Engaged Thinking: The Philosophy of the Successful Student

Planning for College - image by http://www.flickr.com/photos/ipohkia/

Those most successful in their college career are set apart from their peers by the attitude they possess going in and the thought they put into their college preparations. Many students transition into college without having a clear goal for their future, and so their mindset and actions are unfocused. This leads often to wasted years of ‘exploratory’ classes and general frustration, particularly as students become distracted by the increased freedoms and social schedule college can offer. This is easily preventable by adopting a philosophy of engaged thinking before you arrive at college.

What is Engaged Thinking?

Engaged thinking encourages you to actively think about each moment of your life, to be engaged in it, and to keep an eye towards the future with actionable, specific goals. These goals are the stepping stones to the future of your own creation. That is the beautiful result of this sort of mindful living – the world you live in becomes one of your own design because you choose to take an active role in its creation.

How to Become Engaged

1) Determine what your priorities really are. When preparing for college and beyond, having a clear picture of what you are working to achieve makes all the difference in the world in how well you clear the obstacles between your present position and where you wish to go. It is helpful before you even begin doing career research to understand what fulfills you. Money, for some, is a key priority but for others is less important than a career where they can make a difference in the world. Find your priorities, and then seek out educational paths that will do more than just provide a job, but excite you as you work towards a future career.

2) Once you have a clear picture of what your needs are, you can begin to make concrete plans. Goal-setting is a vital part of engagement. Your goals should be divided into three basic categories, short-term, medium-term, and long-term. Each goal should be clearly defined, it should be obvious when you have achieved it, and be accompanied by clear steps towards attaining it. An example of a poor goal would be ‘find three good colleges’. A better example would be ‘find three colleges with good academic standing and high rankings for their medical programs in the northwest’. The latter example narrows down your work, gives you better results, and you will know that you have done the job well once it is completed. Write your goals down. Look at them. Reassess them occasionally.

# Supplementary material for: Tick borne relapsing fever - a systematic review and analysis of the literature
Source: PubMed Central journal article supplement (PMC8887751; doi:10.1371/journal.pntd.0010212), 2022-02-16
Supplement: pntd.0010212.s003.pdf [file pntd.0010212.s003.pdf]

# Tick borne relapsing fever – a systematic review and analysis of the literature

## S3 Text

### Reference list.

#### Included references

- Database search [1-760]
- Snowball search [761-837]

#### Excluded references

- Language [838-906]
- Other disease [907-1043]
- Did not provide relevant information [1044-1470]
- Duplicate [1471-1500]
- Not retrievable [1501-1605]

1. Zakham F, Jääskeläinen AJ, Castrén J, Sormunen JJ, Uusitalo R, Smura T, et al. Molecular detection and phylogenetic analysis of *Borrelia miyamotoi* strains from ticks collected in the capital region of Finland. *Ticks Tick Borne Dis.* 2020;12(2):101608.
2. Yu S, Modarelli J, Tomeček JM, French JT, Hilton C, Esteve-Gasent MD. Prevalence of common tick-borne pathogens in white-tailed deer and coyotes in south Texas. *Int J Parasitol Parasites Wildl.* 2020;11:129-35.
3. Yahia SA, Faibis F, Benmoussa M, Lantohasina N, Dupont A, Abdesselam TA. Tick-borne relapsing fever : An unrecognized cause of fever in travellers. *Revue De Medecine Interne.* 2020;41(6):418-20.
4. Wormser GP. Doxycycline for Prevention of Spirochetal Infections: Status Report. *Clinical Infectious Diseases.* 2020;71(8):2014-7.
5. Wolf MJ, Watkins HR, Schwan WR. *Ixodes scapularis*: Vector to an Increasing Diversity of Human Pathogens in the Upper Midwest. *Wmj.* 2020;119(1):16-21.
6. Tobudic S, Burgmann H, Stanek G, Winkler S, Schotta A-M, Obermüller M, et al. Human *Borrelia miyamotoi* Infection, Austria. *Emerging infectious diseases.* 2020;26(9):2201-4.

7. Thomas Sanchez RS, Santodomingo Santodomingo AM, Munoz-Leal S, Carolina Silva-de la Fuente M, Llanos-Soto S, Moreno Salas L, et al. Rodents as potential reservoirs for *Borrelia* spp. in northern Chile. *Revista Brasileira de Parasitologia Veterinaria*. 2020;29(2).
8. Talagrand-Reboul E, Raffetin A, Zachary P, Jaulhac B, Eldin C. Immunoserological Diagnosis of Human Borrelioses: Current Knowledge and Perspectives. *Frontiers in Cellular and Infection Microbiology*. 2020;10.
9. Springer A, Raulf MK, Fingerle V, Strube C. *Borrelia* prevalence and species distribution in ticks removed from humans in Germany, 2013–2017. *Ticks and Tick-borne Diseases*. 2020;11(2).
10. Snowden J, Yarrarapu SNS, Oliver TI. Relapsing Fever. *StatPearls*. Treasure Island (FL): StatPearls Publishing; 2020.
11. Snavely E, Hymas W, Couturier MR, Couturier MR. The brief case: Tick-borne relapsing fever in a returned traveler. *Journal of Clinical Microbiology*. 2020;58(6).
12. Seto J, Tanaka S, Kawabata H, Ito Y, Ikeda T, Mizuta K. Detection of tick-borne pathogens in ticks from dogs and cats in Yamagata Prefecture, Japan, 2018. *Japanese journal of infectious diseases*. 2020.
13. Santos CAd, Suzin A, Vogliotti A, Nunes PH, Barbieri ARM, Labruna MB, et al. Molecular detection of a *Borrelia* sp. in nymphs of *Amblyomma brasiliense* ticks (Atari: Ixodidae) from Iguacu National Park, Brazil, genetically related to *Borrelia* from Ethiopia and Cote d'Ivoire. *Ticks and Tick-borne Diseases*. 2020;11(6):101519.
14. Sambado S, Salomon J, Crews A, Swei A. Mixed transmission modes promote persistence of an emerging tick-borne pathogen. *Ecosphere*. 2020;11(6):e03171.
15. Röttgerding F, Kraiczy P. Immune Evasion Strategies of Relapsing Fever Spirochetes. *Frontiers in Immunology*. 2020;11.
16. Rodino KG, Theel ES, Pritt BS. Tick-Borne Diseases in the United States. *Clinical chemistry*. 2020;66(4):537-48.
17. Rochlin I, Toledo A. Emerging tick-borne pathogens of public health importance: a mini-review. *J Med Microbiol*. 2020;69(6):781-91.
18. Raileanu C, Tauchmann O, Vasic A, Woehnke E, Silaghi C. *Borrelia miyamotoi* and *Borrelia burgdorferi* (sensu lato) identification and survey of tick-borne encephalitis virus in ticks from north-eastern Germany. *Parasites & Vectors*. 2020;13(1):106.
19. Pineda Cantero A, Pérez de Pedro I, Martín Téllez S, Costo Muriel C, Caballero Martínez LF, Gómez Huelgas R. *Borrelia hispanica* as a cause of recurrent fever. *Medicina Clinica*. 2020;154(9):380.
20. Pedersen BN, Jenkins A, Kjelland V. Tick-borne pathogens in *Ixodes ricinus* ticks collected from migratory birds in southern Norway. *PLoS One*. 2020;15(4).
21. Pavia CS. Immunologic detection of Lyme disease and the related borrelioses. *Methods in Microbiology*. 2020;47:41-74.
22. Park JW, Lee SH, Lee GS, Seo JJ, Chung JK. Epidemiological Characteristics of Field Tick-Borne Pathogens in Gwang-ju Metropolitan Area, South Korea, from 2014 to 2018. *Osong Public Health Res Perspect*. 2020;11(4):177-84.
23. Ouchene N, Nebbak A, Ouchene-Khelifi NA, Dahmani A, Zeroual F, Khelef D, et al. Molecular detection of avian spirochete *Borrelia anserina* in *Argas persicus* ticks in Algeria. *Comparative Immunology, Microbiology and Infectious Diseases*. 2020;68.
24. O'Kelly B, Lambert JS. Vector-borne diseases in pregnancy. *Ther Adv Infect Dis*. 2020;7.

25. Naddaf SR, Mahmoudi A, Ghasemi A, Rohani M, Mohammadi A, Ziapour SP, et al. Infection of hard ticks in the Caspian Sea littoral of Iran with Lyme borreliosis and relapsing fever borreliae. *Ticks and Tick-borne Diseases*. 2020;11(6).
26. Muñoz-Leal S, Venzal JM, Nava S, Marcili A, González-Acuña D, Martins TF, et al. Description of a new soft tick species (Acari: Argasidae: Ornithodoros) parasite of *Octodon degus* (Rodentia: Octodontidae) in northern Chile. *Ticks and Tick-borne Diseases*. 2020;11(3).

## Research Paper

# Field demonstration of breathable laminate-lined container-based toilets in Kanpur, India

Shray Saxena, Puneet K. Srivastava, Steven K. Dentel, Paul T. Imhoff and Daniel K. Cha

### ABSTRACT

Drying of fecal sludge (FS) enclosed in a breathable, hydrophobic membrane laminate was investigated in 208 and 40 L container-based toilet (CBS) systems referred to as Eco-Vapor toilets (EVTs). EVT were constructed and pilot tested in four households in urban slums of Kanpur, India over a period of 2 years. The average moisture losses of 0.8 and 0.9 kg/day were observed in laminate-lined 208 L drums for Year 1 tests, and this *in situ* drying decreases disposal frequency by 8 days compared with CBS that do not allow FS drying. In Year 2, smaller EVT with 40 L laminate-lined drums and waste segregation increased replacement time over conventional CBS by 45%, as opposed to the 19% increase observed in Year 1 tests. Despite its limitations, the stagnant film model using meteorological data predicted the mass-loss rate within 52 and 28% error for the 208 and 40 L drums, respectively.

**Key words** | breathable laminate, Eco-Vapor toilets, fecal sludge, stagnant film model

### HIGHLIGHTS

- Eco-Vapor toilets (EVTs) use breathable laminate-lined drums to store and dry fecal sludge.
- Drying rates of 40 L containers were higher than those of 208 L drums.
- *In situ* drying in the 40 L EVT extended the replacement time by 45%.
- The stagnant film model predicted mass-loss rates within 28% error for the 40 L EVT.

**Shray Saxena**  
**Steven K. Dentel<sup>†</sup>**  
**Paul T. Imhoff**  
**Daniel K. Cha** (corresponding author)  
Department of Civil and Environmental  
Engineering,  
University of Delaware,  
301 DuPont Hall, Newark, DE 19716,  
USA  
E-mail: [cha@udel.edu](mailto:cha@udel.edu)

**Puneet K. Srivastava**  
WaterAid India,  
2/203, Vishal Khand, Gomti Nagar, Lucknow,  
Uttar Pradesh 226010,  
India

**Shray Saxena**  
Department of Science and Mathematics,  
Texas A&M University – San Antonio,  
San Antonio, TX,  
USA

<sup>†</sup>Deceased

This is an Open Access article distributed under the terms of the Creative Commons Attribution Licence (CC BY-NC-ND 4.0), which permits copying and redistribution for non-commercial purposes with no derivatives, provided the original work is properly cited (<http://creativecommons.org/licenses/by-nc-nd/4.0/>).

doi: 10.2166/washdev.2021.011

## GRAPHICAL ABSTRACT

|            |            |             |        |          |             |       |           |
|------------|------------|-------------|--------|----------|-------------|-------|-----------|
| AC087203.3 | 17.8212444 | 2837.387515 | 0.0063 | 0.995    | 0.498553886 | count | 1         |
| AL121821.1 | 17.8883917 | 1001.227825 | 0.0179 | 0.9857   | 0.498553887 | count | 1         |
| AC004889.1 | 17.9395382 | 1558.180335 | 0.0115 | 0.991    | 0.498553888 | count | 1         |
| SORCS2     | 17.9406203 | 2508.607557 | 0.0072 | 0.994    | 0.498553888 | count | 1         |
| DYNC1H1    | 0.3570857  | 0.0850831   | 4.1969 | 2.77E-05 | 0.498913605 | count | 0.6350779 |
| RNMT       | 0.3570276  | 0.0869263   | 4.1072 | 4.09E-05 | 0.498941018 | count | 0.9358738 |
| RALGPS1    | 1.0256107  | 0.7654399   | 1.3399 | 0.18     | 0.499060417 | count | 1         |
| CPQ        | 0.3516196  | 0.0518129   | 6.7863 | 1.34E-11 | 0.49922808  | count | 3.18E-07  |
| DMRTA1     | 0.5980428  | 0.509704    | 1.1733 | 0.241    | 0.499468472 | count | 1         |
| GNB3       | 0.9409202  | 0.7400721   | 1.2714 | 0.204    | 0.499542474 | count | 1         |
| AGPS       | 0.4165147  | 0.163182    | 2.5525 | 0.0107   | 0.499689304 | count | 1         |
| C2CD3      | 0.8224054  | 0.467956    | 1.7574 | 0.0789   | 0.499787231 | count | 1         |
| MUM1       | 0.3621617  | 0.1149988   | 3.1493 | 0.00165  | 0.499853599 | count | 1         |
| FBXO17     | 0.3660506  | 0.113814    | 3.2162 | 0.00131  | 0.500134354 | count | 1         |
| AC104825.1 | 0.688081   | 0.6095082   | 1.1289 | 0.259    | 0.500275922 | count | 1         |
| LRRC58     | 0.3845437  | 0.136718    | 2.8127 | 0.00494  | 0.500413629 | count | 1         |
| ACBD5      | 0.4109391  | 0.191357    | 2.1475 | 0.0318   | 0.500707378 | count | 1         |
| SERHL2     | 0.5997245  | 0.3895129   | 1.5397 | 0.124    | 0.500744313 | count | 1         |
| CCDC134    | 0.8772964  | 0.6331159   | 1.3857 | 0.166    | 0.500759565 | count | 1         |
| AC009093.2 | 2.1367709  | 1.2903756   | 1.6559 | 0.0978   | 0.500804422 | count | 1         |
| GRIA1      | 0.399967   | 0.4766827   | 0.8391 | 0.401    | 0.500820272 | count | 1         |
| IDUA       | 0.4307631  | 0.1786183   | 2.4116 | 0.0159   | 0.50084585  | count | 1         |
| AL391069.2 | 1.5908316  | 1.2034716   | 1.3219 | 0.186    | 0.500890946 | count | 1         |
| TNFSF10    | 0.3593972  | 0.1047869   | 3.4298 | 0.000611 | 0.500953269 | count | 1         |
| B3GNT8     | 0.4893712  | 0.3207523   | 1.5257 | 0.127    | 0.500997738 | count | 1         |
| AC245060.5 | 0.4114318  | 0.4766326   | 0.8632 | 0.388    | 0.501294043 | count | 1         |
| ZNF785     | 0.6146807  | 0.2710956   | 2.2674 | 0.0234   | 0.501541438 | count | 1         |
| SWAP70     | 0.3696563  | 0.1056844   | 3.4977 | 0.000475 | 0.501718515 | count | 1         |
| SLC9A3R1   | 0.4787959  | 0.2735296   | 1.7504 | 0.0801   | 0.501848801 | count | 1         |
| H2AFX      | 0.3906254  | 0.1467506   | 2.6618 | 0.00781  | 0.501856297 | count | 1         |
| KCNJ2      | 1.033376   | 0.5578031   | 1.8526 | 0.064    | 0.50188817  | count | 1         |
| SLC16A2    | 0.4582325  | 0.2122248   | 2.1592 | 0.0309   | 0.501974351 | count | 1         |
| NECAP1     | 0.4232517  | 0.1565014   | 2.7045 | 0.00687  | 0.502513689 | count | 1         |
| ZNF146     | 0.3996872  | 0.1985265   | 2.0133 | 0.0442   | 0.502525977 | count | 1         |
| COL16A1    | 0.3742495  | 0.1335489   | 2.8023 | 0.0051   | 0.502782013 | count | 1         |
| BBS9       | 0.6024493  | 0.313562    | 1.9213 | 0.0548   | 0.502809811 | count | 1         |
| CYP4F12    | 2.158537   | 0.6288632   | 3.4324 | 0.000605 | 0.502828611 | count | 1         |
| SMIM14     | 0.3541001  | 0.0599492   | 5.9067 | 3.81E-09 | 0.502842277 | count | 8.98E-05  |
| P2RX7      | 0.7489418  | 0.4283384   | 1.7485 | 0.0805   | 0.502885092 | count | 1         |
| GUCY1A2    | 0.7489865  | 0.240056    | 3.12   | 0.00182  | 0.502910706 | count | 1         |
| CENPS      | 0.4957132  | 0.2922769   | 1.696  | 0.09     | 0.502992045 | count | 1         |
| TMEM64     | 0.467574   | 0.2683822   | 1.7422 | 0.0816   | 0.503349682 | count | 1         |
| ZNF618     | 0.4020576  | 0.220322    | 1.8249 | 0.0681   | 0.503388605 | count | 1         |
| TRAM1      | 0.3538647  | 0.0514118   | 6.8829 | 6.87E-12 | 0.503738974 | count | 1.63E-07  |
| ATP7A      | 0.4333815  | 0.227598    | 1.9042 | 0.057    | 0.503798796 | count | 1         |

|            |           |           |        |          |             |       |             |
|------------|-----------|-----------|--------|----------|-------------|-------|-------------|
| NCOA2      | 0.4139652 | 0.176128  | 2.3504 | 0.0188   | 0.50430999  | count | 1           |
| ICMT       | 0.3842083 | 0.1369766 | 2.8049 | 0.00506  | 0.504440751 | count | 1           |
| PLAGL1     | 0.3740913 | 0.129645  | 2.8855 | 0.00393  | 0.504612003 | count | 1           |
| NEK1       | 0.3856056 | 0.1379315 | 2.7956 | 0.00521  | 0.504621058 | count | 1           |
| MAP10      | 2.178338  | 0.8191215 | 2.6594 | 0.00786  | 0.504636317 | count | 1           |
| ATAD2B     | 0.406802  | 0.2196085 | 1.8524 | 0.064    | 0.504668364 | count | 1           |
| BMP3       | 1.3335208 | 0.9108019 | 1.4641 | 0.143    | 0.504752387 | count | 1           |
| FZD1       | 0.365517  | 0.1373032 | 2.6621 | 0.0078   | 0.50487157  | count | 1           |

3) Do not become complacent. It helps to have a daily reminder of what you are working towards. One excellent way to do this is to purchase and maintain a calendar. You want one that is notebook sized, and includes a monthly overview and large sections for daily tasks. You can reaffirm your goals by writing them out clearly each month, and creating daily, weekly, and monthly tasks that work towards them. Once you get into the habit of using this calendar daily, it will help you better organize your time in general and is a great boon to successful college work.

Heather E., today’s guest author, uses the philosophy above every day to help her on her journey to complete a challenging doctorate program. She juggles her education with freelance writing for college research site DegreeJungle, teenager wrangling, and dancing to music played far too loud.

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